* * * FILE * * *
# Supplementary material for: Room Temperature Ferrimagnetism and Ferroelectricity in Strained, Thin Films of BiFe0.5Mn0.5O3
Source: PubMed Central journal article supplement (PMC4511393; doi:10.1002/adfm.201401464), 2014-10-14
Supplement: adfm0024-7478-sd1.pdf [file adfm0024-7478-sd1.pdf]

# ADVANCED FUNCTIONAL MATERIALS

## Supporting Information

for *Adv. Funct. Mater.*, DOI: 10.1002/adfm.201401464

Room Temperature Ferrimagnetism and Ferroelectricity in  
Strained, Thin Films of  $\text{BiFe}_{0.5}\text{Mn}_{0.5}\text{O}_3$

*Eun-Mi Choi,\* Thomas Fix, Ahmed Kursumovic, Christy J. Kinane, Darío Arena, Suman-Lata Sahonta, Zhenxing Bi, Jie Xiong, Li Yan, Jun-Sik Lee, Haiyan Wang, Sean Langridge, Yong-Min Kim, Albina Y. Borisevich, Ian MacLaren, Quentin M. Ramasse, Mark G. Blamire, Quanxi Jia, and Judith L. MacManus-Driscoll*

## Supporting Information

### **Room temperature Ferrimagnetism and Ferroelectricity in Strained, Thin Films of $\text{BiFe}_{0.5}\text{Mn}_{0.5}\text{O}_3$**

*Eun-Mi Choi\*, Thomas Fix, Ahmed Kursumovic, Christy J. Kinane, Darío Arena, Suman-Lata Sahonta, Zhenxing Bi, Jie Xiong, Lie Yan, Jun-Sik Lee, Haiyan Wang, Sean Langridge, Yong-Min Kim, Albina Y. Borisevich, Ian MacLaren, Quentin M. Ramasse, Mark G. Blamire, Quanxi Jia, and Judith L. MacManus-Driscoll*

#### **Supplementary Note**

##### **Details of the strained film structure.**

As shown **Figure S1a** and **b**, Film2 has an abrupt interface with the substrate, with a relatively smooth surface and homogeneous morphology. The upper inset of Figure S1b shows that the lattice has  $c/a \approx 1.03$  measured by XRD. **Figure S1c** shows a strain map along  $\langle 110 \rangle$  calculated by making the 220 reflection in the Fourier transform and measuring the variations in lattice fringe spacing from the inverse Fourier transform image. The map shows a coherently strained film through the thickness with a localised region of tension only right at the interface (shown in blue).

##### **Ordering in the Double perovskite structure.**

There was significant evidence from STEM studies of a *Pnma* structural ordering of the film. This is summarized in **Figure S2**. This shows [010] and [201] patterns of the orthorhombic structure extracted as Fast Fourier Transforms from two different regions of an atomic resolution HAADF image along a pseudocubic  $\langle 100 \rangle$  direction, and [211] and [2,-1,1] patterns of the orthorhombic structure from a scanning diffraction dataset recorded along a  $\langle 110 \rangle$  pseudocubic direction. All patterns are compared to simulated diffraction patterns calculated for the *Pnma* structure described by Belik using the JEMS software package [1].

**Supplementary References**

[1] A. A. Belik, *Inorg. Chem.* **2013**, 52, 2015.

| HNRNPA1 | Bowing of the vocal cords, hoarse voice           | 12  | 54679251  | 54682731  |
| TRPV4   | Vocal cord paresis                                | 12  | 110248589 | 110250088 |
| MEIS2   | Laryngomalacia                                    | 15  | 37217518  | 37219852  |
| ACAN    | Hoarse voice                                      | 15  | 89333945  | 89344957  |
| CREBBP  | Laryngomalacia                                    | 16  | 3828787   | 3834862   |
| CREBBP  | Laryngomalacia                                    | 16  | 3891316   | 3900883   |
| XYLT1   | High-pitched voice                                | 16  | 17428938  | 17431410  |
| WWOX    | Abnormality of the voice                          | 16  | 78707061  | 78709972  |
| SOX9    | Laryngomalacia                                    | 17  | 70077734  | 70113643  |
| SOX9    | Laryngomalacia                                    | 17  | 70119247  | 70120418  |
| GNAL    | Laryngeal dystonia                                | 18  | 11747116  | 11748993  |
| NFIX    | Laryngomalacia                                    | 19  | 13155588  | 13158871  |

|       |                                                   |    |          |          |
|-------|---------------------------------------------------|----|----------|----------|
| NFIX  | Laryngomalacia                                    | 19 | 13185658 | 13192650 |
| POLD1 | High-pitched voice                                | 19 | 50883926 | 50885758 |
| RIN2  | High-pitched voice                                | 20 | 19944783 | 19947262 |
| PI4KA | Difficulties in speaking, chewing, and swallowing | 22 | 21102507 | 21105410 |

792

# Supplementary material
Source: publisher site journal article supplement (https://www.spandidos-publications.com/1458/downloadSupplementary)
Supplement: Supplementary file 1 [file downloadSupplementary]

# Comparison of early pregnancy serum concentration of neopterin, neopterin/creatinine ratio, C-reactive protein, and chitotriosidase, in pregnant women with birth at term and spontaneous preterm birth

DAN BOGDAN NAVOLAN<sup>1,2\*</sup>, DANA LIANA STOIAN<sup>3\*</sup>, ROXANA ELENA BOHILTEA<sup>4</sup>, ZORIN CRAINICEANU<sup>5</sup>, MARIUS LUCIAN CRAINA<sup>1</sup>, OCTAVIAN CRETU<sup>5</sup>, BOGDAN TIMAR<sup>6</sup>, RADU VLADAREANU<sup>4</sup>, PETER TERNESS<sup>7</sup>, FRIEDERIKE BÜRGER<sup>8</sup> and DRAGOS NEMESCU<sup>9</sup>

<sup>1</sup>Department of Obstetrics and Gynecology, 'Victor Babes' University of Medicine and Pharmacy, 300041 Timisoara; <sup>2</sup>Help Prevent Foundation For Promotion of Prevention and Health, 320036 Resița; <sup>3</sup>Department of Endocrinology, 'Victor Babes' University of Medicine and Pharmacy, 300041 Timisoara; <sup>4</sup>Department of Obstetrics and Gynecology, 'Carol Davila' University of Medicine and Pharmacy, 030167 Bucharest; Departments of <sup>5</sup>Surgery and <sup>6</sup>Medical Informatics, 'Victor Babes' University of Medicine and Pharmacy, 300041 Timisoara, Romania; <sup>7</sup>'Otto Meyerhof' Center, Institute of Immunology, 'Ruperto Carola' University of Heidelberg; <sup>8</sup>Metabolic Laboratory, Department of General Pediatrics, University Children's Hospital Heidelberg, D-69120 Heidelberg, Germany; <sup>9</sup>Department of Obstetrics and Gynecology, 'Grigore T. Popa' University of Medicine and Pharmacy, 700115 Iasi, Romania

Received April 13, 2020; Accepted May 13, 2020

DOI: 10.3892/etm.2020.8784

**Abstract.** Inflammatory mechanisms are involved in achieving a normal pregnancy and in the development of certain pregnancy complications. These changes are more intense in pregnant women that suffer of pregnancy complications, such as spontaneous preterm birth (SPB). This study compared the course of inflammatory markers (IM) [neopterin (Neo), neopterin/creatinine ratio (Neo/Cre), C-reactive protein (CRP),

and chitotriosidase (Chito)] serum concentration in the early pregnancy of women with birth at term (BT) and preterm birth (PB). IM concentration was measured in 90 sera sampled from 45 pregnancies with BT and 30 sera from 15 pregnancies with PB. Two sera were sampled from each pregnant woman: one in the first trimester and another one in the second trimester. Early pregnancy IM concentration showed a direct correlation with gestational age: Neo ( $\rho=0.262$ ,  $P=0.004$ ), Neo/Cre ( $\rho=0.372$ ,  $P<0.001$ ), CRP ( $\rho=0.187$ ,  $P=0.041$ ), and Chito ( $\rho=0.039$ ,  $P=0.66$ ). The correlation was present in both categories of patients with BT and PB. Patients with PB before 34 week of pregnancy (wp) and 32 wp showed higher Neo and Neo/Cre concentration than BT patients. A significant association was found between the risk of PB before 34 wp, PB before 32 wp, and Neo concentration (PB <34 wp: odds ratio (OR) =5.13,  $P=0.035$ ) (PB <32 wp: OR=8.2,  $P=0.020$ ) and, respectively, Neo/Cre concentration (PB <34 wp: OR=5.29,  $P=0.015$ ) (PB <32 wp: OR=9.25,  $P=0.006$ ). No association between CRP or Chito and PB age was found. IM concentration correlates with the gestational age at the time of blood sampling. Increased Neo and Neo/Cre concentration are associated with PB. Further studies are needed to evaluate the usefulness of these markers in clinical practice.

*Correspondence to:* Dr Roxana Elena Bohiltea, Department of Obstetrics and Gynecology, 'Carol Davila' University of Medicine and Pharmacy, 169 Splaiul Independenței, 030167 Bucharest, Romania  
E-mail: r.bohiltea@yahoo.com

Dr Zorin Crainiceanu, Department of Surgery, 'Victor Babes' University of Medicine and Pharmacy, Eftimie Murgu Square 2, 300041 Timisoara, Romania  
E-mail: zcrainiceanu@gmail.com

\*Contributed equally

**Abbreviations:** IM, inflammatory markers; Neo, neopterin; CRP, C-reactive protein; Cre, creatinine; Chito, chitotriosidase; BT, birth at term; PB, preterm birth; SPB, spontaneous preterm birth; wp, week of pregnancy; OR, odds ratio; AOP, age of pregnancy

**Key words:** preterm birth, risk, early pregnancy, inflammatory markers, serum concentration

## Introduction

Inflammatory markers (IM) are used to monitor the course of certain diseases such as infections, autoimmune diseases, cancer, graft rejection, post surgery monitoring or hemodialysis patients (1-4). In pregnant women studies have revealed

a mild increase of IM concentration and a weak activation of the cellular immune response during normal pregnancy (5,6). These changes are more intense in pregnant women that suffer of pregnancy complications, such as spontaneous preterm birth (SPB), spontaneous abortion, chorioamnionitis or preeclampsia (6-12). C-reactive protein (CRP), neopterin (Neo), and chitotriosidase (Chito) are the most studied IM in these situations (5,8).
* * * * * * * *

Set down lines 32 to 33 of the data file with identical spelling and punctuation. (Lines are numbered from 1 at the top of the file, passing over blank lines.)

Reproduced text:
|       |                                                   |    |          |          |
|-------|---------------------------------------------------|----|----------|----------|